In an ironic twist, the U.S. Justice Department unsealed a 47-count indictment this morning charging nine present and former officials of the Federation Internationale de Football Association (better known by its acronym, FIFA) and five sports marketing executives with fraud, racketeering, bribery and money laundering. The guilty pleas of four individuals and two entities relating to these same allegations were also unsealed.
The indictment alleges that officials of FIFA, which controls the media and marketing rights to international soccer tournaments worldwide, received bribes totaling more than $150 million in connection with the award of those rights. The defendants also include sports executives alleged to have paid those bribes, and the indictment also charges that intermediaries were used to launder the proceeds of those bribes. The lead charge in the indictment is an alleged violation of the federal Racketeering Influenced and Corrupt Organizations Act (RICO).
At the request of U.S. authorities, Swiss authorities arrested a number of individuals in Zurich this morning where FIFA executives had gathered for the organization’s annual meeting. The indictment was disclosed along with a Swiss investigation into mismanagement and money laundering associated with the award of the 2018 World Cup to Russia and the 2022 World Cup to Qatar. FIFA has stated that the award of those tournaments will not be reconsidered.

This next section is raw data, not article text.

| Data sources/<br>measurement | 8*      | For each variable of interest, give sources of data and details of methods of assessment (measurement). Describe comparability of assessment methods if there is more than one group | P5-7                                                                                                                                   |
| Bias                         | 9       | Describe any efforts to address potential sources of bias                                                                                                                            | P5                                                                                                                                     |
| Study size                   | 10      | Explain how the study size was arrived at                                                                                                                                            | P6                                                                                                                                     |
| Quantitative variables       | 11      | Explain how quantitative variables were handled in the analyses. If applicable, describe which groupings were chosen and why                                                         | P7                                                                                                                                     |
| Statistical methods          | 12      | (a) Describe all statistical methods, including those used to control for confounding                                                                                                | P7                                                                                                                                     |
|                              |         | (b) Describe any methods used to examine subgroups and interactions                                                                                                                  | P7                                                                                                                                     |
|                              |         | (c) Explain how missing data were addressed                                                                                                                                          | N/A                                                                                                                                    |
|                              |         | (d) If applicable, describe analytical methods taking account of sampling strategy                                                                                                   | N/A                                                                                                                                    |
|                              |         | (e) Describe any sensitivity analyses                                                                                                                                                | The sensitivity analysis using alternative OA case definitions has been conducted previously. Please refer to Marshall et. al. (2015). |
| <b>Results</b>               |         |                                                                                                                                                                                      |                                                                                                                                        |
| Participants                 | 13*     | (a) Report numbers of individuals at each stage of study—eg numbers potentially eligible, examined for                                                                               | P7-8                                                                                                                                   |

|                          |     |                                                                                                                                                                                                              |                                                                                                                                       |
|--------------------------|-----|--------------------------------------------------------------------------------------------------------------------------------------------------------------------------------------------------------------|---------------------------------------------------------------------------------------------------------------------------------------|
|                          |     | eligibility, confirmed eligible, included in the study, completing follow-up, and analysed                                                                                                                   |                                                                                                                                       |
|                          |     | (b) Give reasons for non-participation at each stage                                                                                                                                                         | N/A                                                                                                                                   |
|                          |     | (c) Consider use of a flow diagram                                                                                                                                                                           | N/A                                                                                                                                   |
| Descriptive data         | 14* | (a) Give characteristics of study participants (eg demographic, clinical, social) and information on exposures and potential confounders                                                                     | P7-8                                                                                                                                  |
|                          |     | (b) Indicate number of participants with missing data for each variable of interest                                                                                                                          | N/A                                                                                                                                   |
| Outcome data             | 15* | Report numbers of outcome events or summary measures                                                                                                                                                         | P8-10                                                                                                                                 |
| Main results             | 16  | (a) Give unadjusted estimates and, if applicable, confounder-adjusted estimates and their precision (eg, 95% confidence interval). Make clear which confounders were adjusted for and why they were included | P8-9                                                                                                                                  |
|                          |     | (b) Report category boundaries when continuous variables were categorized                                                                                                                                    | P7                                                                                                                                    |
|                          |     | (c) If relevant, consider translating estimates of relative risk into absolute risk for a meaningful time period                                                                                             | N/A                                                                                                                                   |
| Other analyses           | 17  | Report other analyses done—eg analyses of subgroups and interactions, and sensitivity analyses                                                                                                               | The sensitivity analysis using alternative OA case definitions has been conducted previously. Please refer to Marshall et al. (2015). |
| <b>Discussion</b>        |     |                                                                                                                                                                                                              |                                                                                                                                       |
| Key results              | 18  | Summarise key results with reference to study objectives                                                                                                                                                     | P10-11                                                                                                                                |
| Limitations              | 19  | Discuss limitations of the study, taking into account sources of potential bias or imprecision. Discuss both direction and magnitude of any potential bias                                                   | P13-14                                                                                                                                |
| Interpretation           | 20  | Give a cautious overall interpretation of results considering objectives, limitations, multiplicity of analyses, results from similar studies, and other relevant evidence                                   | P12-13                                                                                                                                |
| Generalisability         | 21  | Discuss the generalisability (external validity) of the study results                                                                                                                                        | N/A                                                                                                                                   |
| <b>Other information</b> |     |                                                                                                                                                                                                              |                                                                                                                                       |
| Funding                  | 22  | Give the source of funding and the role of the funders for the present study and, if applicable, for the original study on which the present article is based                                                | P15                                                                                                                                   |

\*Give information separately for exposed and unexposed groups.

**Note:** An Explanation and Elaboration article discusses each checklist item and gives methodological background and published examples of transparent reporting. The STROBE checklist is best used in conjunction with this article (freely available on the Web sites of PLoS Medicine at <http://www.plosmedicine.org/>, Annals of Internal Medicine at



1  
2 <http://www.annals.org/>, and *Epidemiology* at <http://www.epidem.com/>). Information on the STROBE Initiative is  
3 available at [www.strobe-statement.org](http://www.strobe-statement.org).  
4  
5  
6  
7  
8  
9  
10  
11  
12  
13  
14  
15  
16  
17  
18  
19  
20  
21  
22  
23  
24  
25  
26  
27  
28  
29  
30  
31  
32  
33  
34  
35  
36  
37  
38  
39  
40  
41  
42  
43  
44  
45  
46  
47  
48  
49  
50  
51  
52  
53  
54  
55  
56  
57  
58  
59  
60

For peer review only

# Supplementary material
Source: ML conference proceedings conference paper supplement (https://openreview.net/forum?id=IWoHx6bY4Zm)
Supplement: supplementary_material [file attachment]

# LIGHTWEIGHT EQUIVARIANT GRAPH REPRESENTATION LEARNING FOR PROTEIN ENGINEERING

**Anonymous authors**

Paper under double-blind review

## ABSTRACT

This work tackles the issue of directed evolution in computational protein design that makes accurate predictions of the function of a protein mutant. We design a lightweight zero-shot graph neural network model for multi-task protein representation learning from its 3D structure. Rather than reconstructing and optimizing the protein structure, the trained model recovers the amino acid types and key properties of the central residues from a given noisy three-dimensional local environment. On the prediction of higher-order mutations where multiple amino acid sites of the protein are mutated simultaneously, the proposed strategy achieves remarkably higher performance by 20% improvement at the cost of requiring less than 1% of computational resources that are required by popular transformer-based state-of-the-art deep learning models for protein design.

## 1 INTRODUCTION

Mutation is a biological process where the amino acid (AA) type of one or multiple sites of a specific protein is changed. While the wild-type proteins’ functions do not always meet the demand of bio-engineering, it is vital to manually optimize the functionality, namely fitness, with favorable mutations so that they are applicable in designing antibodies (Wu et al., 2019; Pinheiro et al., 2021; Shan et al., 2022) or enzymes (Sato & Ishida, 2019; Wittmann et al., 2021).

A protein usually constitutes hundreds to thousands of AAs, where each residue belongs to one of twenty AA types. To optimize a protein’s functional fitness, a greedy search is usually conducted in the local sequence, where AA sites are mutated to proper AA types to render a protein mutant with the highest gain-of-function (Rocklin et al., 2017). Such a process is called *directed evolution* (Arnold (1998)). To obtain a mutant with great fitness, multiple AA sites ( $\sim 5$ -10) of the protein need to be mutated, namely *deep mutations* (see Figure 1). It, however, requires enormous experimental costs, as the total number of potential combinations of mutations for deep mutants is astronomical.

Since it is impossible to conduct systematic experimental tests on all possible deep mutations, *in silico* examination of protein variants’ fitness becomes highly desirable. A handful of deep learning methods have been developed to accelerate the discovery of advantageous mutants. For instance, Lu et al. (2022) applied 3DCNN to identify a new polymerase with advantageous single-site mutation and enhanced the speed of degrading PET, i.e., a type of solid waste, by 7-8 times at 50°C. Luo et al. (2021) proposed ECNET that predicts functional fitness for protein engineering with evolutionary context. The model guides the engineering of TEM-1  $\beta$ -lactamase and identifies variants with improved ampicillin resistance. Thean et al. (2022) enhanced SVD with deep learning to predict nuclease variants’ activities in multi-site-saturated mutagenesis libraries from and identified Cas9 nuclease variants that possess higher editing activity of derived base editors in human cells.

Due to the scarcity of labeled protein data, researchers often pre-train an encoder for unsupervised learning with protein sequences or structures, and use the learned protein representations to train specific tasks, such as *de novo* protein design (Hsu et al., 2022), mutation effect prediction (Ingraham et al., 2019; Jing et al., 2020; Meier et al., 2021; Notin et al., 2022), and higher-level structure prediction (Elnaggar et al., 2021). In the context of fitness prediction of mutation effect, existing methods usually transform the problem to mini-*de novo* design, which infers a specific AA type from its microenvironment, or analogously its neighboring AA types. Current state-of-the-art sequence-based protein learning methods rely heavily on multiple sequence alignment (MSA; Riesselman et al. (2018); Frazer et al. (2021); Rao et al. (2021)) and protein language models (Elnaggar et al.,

The great irony of the indictment is that this is about football – not “American football” but “real” football (what we Americans call “soccer”) – the most popular sport on the planet. From a sports perspective, Americans are still newcomers to the game, though the women’s national team has enjoyed perennial success, the men’s national team has climbed in world rankings, and individual American players are becoming more commonplace on teams in the English Premier League and elsewhere in Europe. It is surely ironic for the U.S. to police a sport that struggles for attention at home.